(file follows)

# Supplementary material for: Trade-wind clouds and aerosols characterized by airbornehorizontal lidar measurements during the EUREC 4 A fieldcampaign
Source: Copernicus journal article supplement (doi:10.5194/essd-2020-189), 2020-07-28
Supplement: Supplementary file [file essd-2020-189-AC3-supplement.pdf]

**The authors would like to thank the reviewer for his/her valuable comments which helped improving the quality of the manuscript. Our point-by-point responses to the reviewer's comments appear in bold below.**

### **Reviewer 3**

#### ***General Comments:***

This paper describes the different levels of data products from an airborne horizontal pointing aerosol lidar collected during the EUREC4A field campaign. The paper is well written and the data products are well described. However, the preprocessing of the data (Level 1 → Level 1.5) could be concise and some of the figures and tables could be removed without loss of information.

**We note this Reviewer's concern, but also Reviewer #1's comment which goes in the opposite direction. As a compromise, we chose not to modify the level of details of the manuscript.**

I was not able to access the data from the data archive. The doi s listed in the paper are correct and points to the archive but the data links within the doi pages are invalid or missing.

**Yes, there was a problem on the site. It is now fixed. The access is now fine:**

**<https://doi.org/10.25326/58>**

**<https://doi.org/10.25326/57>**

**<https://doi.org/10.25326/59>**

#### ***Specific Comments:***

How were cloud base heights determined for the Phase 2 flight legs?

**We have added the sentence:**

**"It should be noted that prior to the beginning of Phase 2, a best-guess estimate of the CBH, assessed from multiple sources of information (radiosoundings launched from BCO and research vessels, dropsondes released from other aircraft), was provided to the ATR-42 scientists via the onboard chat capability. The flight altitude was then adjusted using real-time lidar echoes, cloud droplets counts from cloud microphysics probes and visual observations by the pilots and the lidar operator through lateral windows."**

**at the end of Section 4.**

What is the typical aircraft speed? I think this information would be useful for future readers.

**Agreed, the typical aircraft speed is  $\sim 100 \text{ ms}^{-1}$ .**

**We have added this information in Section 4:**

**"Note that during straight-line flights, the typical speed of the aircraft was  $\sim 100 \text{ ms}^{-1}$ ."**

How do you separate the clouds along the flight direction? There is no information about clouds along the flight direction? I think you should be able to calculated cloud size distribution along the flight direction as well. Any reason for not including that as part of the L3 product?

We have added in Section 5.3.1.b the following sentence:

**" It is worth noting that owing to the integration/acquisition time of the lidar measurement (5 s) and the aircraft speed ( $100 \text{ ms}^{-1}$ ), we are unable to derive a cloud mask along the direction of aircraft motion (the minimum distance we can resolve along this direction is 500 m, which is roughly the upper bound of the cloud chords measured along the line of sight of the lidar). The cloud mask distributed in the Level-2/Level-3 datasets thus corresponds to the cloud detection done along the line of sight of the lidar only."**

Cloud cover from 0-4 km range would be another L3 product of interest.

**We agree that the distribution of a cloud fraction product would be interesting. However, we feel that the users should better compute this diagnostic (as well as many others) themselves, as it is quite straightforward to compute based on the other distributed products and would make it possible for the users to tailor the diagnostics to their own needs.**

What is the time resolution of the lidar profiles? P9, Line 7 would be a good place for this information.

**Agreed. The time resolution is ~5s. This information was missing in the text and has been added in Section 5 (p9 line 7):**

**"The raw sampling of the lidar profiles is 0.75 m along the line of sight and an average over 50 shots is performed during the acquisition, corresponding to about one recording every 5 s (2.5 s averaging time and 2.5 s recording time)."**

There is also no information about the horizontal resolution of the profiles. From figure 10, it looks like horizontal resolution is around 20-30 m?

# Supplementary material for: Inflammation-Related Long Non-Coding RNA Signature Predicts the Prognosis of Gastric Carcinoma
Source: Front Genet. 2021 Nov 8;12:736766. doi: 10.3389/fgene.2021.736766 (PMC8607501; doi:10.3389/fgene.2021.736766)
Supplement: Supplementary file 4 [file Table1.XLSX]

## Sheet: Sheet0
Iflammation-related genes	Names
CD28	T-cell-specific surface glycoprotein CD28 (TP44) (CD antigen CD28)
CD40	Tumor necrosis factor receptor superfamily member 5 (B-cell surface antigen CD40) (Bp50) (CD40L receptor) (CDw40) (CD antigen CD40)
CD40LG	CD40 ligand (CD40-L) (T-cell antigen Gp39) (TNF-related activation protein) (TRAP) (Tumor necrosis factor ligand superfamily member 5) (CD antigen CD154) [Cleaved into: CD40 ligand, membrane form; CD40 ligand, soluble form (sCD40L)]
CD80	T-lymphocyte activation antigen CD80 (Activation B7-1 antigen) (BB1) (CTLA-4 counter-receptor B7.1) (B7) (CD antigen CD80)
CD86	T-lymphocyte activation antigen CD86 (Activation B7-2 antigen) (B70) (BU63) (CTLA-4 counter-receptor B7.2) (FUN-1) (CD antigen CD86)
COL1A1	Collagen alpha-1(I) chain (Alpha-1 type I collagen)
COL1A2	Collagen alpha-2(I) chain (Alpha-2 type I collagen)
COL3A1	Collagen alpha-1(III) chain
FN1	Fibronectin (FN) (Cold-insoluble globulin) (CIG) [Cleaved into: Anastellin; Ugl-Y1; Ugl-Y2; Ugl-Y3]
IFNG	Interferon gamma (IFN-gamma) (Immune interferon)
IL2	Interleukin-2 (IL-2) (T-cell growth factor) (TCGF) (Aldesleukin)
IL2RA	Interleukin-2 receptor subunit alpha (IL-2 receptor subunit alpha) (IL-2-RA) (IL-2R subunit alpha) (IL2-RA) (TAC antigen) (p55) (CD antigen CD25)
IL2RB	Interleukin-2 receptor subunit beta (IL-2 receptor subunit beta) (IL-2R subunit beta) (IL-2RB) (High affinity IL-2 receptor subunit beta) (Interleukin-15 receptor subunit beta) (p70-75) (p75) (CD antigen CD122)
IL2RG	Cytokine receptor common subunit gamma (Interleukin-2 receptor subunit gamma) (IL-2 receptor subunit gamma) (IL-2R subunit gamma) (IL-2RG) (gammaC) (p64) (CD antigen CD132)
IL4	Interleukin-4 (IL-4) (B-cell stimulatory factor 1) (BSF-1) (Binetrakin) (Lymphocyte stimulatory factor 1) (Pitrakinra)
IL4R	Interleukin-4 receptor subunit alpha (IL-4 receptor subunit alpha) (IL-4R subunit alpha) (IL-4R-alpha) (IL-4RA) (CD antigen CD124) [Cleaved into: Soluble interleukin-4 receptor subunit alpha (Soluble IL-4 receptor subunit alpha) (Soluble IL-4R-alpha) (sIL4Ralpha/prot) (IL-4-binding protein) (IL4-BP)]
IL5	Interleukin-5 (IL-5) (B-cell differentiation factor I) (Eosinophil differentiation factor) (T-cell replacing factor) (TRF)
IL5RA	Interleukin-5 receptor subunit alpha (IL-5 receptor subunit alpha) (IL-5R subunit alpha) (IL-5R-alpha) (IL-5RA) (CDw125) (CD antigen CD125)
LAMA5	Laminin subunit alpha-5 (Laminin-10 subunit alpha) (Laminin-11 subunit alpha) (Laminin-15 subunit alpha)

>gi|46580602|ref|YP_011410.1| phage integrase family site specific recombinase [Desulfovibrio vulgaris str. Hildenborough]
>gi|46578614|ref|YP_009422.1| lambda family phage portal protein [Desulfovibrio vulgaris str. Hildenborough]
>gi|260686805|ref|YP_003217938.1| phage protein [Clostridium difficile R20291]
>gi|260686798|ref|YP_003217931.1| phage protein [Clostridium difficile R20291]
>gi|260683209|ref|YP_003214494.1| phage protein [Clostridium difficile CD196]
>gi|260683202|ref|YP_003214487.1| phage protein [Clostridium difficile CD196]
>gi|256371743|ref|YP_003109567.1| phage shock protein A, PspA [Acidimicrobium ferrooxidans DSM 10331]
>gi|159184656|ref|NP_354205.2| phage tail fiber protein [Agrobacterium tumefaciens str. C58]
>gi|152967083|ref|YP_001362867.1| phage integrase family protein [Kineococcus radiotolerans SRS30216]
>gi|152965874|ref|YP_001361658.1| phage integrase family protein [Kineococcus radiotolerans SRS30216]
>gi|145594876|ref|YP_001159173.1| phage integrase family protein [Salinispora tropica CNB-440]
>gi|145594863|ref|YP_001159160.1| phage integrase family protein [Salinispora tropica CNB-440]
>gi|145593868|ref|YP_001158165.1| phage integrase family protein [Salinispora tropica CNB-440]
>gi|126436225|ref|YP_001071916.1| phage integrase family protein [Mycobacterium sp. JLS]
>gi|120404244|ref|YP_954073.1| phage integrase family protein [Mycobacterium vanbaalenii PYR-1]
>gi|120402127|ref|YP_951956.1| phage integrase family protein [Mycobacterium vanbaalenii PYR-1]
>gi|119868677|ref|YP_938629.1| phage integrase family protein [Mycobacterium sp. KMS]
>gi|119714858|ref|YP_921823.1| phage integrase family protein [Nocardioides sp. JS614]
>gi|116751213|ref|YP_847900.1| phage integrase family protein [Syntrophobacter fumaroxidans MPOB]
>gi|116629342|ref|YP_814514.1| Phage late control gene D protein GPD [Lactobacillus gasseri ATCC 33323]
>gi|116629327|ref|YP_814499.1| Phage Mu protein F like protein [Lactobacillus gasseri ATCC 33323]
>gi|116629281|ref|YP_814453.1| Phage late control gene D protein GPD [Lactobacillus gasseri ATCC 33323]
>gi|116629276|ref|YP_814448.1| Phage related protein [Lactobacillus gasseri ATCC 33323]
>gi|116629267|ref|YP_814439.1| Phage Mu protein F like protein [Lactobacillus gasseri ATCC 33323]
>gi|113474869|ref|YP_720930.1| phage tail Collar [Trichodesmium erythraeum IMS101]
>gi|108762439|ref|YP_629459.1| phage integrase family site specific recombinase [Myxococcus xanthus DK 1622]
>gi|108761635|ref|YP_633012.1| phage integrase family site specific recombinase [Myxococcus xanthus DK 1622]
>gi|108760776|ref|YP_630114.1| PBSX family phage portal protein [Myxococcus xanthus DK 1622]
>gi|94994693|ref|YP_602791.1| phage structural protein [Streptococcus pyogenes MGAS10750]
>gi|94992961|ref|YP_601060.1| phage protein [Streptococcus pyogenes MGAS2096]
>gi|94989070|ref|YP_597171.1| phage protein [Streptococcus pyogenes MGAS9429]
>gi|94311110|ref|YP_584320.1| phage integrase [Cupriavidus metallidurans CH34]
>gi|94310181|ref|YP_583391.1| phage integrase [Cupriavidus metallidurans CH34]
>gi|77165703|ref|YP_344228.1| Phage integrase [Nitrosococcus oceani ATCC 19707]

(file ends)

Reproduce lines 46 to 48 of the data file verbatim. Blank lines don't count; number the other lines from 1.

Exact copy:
IFNG	Interferon gamma (IFN-gamma) (Immune interferon)
IL2	Interleukin-2 (IL-2) (T-cell growth factor) (TCGF) (Aldesleukin)
IL2RA	Interleukin-2 receptor subunit alpha (IL-2 receptor subunit alpha) (IL-2-RA) (IL-2R subunit alpha) (IL2-RA) (TAC antigen) (p55) (CD antigen CD25)